That was a year and a half ago. Things have dramatically changed for my brother since then. With ulcers and GERD at bay, he noticed other underlying symptoms which lingered, then eased as well. His ecxema cleared up, he began to fall asleep easily and stay that way throughout the night, became more energetic and lost twenty pounds. He stopped using red kegger cups for water glasses. But this has nothing to do with going-gluten free. This has to do – you guessed it – with a woman. Eric married his best friend of sixteen years, Miranda, and the two merged their little families into a great big one full of sons: his ten year old; her five-year-old twins and also her seven-year-old. Oh yes, and the recent addition of a baby girl.
Clearly they have a lot to balance in combining homes, schedules, belongings, personalities and parenting styles. With all of that, fitting enough chairs at one dinner table was accomplishment enough; filling each plate with the very same foods was not on the agenda. While Eric’s transition to gluten-free had been a smooth one, he could not imagine imposing his dietary needs on others – especially in a time of such great change and compromise. It just seemed . . . too much to ask. So he quietly prepared his own gluten-free version of the same meals. When they had spaghetti, grilled cheese, pizza, burritos, or pizza . . . so did he – but with rice, quinoa, or corn instead of wheat.
I questioned him gently on this approach. Was it easier, really, to go through the effort of shopping for and preparing an entire second meal? Did that make any sense when, in the end, they would all essentially be eating the same thing? And was he concerned about the risk of cross-contamination? Or…the high probability that his biological son and daughter would benefit from eating gluten-free as well? His answers, in short order: yes, yes, no, and maybe.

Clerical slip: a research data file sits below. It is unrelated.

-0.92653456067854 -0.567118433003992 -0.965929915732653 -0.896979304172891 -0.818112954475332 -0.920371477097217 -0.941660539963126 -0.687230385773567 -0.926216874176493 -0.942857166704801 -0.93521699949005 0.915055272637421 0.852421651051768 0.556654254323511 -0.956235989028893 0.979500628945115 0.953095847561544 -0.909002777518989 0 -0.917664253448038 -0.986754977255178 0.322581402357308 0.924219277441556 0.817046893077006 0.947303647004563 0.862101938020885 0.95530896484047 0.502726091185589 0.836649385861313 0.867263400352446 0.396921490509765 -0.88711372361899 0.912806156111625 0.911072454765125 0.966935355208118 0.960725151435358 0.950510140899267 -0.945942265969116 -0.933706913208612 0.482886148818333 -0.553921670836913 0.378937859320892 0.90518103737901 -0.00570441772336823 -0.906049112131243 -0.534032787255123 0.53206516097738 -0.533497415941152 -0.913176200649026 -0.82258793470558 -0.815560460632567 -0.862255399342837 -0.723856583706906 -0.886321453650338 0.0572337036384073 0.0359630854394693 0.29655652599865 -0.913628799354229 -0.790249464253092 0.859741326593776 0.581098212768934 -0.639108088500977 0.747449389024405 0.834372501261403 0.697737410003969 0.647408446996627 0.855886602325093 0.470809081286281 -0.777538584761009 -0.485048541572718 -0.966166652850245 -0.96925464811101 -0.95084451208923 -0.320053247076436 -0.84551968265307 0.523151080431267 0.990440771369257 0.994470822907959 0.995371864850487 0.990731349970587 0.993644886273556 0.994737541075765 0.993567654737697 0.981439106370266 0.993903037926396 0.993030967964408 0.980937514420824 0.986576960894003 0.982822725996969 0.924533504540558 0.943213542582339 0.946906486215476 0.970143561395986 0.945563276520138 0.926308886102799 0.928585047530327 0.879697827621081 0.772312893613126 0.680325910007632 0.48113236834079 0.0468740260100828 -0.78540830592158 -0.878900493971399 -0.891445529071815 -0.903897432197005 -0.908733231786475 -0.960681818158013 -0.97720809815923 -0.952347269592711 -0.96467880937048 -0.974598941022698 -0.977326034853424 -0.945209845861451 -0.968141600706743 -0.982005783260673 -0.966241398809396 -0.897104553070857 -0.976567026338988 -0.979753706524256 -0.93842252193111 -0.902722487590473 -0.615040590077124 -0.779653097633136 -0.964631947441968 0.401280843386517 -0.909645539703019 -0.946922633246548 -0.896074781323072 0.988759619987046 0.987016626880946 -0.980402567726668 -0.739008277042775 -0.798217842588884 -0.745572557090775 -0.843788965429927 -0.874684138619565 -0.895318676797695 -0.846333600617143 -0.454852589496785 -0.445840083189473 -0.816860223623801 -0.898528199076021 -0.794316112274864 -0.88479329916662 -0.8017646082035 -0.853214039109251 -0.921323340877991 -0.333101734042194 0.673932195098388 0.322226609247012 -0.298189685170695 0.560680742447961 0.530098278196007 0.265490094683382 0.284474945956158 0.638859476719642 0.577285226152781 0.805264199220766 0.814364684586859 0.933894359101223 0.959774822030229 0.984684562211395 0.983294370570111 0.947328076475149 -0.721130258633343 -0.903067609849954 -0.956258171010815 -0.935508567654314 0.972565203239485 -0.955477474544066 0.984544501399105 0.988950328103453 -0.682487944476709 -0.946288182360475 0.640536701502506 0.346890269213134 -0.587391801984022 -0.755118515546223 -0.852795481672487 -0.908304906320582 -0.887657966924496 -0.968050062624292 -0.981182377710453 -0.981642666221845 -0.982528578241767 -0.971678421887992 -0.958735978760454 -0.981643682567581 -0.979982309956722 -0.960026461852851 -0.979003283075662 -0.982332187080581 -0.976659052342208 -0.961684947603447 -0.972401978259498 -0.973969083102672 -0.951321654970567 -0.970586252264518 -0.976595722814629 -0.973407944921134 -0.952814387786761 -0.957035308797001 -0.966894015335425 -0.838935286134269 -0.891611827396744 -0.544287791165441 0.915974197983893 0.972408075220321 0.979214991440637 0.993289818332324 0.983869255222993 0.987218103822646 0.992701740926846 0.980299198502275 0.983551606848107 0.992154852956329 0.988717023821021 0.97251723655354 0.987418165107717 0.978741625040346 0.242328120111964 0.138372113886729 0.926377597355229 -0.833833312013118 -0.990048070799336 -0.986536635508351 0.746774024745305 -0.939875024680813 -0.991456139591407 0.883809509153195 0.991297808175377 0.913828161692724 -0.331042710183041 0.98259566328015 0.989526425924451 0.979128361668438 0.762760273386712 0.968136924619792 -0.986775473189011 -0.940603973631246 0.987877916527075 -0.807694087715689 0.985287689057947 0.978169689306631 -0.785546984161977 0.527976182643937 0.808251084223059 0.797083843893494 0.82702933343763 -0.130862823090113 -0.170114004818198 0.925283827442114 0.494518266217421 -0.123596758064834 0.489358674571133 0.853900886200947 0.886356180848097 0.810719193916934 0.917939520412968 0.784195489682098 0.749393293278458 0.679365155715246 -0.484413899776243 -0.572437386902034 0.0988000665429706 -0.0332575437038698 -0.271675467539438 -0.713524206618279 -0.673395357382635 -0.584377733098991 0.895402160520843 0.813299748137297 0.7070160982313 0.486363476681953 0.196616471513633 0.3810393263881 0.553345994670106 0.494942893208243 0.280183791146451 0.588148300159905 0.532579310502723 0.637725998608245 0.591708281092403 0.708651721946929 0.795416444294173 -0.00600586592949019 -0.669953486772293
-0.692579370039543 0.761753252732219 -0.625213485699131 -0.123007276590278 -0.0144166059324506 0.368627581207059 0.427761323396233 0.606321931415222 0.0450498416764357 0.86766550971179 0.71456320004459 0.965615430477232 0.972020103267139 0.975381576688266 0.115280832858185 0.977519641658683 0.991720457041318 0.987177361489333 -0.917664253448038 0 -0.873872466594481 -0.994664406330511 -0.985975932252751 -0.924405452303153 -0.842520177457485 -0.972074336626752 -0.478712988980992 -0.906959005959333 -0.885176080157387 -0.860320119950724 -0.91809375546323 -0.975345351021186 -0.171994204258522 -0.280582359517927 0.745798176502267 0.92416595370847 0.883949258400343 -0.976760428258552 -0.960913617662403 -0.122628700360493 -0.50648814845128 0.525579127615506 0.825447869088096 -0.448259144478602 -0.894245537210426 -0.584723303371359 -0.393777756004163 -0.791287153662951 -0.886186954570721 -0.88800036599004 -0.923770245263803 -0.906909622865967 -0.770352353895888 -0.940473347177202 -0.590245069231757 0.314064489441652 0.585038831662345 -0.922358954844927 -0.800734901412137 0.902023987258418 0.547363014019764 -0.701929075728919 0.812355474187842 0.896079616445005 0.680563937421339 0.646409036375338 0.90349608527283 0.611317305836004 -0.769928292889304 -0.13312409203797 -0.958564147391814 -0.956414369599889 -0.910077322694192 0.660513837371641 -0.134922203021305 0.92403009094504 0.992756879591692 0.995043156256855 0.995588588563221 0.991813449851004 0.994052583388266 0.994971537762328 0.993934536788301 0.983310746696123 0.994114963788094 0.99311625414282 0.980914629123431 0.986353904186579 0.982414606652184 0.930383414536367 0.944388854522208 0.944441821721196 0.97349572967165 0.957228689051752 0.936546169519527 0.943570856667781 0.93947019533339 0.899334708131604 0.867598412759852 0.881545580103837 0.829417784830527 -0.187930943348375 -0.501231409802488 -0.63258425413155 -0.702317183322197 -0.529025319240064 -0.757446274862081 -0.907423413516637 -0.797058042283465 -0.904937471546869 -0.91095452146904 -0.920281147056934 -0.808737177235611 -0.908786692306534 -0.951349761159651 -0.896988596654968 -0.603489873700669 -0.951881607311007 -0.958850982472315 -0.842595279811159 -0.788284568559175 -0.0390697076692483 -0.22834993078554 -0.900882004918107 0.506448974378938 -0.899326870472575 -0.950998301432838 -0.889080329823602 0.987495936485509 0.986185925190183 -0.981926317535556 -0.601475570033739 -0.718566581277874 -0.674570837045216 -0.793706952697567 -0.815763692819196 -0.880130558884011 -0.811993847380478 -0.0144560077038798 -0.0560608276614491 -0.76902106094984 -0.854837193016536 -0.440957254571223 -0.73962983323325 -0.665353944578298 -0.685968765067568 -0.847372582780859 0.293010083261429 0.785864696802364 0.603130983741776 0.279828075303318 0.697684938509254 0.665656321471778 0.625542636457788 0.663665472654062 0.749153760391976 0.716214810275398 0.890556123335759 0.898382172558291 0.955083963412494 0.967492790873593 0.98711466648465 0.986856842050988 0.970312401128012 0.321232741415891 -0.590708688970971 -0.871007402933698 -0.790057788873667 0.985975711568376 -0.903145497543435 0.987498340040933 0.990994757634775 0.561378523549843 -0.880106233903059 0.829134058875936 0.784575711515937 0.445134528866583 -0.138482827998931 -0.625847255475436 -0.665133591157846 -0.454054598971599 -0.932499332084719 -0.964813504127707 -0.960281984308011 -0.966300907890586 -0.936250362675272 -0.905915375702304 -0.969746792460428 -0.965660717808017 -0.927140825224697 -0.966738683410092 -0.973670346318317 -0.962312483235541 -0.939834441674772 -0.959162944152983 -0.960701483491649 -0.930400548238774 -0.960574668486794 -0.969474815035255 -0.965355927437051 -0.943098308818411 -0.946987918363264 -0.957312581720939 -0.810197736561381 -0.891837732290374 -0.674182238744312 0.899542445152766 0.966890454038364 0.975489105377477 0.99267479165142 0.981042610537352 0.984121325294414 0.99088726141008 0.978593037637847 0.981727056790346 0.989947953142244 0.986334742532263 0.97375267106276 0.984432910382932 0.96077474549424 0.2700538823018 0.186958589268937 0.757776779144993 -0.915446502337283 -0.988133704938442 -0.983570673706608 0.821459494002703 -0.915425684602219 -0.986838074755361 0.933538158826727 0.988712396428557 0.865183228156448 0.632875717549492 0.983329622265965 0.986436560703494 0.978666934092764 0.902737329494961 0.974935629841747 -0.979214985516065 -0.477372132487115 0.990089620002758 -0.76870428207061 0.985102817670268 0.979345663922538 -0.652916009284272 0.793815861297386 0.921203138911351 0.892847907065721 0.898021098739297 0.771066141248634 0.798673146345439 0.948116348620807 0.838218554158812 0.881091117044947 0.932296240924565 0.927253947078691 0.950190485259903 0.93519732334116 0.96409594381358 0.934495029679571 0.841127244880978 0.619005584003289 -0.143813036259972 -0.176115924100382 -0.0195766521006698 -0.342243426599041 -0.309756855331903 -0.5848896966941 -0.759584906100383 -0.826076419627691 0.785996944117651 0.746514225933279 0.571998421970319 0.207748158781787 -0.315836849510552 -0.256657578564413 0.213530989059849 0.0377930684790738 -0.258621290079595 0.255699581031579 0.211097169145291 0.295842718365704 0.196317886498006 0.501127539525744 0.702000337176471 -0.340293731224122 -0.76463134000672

Even the most informed gluten-free individual can have a hard time buying into the idea of cross-contamination. Sure, they may realize you can’t just remove breadcrumbs from salad or eat the filling of a pie while avoiding the crust. These things are visual. But many will doubt the fact that gluten can be spread through the use of porous (plastic or wood) utensils, cutting boards, and counter tops. Gluten is insidious. Trace amounts will remain embedded in these items, even when washed between use. The air itself can pose a risk. Particles of flour remain in the air for up to 72 hours after having been sifted, poured, and stirred during the baking process. No matter how careful you are to prepare your own, gluten-free meal, you can never be truly gluten-free so long as others in your home are not.
Eric discovered this for himself within the first month of sharing a kitchen and the dinner table with his newly expanded family. His acid-reflux returned, along with some minor intestinal upset. It was not as extreme as before and he was able to get by without medication. Then came a couple nights of vomiting after dinner time, similar to what had caused his physician to prescribe Zantac in the first place. Eric called me up. He wanted to know, “could I really be getting sick just from living in a home that has gluten in it?” Yes, yes, yes! And just in case he wouldn’t believe me, I posed a challenge. I invited Eric, Miranda, and their entire family to join in on our 6-week long, gluten-free trial. Just six weeks! Surely they could commit to that.
Dinner for Seven